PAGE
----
Thanks to those who see sweetness
The woman in front of me is watching my daughter and smiling. We are in the checkout line in Wal-Mart’s Garden Center. It’s a long line so people are sharing conversations while they wait.
My adult child is sitting on one of the display chairs. The woman, who has the nicest smile, turns to me.
“She is beautiful,” she says, looking towards my daughter.” I love her red hair. How old is she?”
On behalf of my daughter, I thank her.
“She has her daddy’s hair,” I say, “and she’s 26.”
We talk a few more minutes as the line inches closer to the register. She tells me my daughter seems sweet and that she looks much younger than her age.
I tell her that my child is indeed a sweet young woman, and, yes, she seems younger than her age.
“We hear that a lot,” I say, “I guess she doesn’t look 26.”
Later driving home, I think about my encounter with this lovely woman. I consider what I wish I’d said to her before we parted.
“Thank you for seeing the beauty in my child and telling me you see it.”
“Thank you for not asking me why she is talking to herself repeating lines from commercials.”
“Thank you for not commenting or laughing when she started jumping up and down as we were leaving.”
“Thank you for making me feel like you saw her instead of her autism.”
Yes, I wish I’d said those things. I didn’t, but I thought them.
As the parent of a child with autism, one who is now an adult, I’ve had many public interactions with people who were so kind to my child and me. I wish I’d thanked those folks, too. They made what, at times, was an awkward situation feel less awkward.
Of course, not everyone is nice or understanding. For example, the borderline rude kid who took us to our table at Cracker Barrel. From the scowl he wore, I don’t think he loves his work.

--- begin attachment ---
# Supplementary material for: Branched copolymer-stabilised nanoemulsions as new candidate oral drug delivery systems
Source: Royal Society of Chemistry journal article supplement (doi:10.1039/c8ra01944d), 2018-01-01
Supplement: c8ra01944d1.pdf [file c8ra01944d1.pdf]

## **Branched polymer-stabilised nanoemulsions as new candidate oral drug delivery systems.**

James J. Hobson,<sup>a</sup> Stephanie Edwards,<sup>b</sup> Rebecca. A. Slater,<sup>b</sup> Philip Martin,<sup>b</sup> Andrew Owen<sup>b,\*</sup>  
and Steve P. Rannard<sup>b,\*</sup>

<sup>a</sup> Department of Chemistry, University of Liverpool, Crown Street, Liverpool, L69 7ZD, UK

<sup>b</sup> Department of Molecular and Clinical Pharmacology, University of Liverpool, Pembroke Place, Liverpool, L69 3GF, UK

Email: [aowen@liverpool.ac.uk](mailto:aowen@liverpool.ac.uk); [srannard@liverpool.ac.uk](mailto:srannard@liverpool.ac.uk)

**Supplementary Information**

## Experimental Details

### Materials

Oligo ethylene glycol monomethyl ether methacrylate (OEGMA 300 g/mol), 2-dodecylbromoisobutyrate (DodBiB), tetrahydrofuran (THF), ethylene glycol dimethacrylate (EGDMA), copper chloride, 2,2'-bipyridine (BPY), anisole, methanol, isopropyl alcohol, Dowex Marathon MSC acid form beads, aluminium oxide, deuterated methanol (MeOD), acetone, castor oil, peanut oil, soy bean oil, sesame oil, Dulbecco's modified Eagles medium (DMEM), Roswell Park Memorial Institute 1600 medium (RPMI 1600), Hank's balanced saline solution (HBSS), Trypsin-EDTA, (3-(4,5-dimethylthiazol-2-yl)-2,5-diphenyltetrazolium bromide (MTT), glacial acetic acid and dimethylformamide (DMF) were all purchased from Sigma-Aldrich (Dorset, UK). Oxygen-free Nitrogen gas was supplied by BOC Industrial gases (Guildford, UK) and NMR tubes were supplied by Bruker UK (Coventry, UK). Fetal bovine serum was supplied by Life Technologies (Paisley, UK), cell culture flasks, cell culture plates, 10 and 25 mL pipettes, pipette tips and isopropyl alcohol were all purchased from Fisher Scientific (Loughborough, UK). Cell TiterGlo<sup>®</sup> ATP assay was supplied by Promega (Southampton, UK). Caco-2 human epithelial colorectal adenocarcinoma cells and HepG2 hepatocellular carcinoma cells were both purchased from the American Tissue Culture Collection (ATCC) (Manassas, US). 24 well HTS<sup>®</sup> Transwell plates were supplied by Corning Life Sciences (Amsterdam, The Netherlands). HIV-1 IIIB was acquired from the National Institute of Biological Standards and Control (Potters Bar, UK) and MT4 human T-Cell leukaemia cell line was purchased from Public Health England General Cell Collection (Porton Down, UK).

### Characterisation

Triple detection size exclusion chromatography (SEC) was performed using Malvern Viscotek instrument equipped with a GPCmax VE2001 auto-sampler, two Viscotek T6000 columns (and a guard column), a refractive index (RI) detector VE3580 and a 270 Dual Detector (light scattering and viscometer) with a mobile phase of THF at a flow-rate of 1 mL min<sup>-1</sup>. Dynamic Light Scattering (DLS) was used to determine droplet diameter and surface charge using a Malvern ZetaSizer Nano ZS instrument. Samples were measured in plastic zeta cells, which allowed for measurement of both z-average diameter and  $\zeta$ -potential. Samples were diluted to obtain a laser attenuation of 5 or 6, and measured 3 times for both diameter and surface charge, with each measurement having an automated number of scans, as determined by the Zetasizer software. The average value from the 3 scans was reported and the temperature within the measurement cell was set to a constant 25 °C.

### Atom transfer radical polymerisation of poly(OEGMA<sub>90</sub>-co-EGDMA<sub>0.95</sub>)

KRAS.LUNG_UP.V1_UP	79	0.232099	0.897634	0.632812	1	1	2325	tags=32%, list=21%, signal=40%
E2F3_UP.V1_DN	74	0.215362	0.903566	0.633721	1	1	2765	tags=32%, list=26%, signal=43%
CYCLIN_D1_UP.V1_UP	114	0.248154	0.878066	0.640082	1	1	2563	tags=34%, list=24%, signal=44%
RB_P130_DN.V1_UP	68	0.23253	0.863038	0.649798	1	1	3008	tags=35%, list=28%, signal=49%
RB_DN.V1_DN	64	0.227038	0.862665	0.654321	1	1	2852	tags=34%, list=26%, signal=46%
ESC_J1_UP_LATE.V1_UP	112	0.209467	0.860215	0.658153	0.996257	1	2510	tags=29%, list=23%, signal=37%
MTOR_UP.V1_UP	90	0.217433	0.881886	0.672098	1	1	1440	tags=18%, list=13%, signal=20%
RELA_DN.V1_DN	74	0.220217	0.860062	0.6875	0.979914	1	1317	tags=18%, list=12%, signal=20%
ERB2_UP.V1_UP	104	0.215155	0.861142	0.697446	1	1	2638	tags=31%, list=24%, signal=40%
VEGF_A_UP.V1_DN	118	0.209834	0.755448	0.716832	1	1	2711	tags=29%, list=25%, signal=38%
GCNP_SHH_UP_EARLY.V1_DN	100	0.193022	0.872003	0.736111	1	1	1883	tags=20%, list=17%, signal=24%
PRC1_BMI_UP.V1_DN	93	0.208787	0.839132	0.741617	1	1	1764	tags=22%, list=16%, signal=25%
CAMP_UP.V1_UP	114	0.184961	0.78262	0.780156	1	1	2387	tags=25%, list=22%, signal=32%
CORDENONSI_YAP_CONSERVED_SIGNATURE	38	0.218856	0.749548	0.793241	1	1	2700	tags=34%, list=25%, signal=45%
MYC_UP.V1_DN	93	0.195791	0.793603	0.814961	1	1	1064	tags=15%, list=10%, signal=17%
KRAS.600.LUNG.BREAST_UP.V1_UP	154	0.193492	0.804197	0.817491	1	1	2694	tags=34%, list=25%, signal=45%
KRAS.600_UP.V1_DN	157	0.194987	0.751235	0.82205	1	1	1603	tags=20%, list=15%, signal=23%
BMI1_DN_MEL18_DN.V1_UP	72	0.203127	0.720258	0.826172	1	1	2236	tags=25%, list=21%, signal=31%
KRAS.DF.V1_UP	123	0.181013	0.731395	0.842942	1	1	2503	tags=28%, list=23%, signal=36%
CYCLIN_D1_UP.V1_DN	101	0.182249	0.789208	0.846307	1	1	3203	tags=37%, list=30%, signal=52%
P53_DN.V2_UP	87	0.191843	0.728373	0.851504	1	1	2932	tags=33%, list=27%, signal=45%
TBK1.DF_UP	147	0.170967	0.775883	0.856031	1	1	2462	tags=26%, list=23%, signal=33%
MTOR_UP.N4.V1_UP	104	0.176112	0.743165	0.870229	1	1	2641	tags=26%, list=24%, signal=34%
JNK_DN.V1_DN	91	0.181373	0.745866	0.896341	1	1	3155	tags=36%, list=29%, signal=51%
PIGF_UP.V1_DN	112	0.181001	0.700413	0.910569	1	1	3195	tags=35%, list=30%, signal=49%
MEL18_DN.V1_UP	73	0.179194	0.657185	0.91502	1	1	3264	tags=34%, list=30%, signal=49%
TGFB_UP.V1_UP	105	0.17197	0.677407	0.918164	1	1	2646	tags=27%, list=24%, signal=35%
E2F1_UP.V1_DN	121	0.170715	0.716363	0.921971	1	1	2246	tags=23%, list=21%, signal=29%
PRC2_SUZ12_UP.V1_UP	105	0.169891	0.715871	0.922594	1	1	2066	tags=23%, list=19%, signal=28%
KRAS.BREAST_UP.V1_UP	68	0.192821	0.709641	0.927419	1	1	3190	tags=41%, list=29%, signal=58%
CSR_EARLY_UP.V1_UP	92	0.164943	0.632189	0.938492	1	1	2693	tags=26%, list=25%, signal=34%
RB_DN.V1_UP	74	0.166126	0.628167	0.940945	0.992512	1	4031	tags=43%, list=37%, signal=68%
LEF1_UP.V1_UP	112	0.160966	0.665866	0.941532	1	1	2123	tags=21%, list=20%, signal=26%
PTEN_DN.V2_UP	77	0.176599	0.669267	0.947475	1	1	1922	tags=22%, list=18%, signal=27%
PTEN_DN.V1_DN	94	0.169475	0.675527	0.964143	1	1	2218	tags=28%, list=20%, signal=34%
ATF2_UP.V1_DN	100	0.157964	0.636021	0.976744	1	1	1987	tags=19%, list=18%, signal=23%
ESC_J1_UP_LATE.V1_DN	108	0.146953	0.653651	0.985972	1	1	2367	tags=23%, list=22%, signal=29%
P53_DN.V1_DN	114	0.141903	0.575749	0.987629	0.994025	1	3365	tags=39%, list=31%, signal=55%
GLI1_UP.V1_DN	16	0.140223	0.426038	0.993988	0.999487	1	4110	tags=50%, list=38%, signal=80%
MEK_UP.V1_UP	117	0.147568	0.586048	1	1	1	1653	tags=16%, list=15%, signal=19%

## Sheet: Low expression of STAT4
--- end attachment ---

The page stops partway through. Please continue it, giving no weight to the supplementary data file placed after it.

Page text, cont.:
The restaurant was crowded and a bit loud. This much activity and noise is a lot of stimulation and often tough for my daughter to handle. We started taking her here when she was small and now, thanks to her love of routines, it is one of the few public places she likes to eat.
Anyway, we followed the unsmiling boy to a table. My daughter kind of bounced-walked jabbering in a less-than-quiet voice. The kid turned, gave her a frowning look and kept walking. It was obvious from her behavior that she was “different.” Something he let us know he recognized with his frown.
The table he showed us to was in the middle of the room, a busy spot. There was a vacant table in a quieter place by the window. From experience, we knew that was a better location for my daughter. My husband asked the young man if we could possibly move to that table.
“No,” he replied sharply, “I’m bringing someone else to sit there.”
From his response, I knew trying to make him understand why we requested the move was a waste of time. My daughter’s comfort or discomfort was not his concern.
“Your server will be here in a minute,” he said over his shoulder as he walked away.
I spent half the meal stewing, especially when no one sat at the table we requested for at least 10 minutes. And, when a couple did arrive, another person seated them. So apparently, that young man wasn’t the person deciding who sat in that spot.
“Just let it go,” my husband said. Finally, I did.
I share these two experiences as examples of what it is like to live with and love someone with autism. It makes you both fiercely protective and grateful for kindness.
So in celebration of National Autism Awareness Month, thank you to everyone who looks at my child and sees not her autism, but her beauty and sweetness.
Nancy Blackmon is a former newspaper editor and a yoga teacher.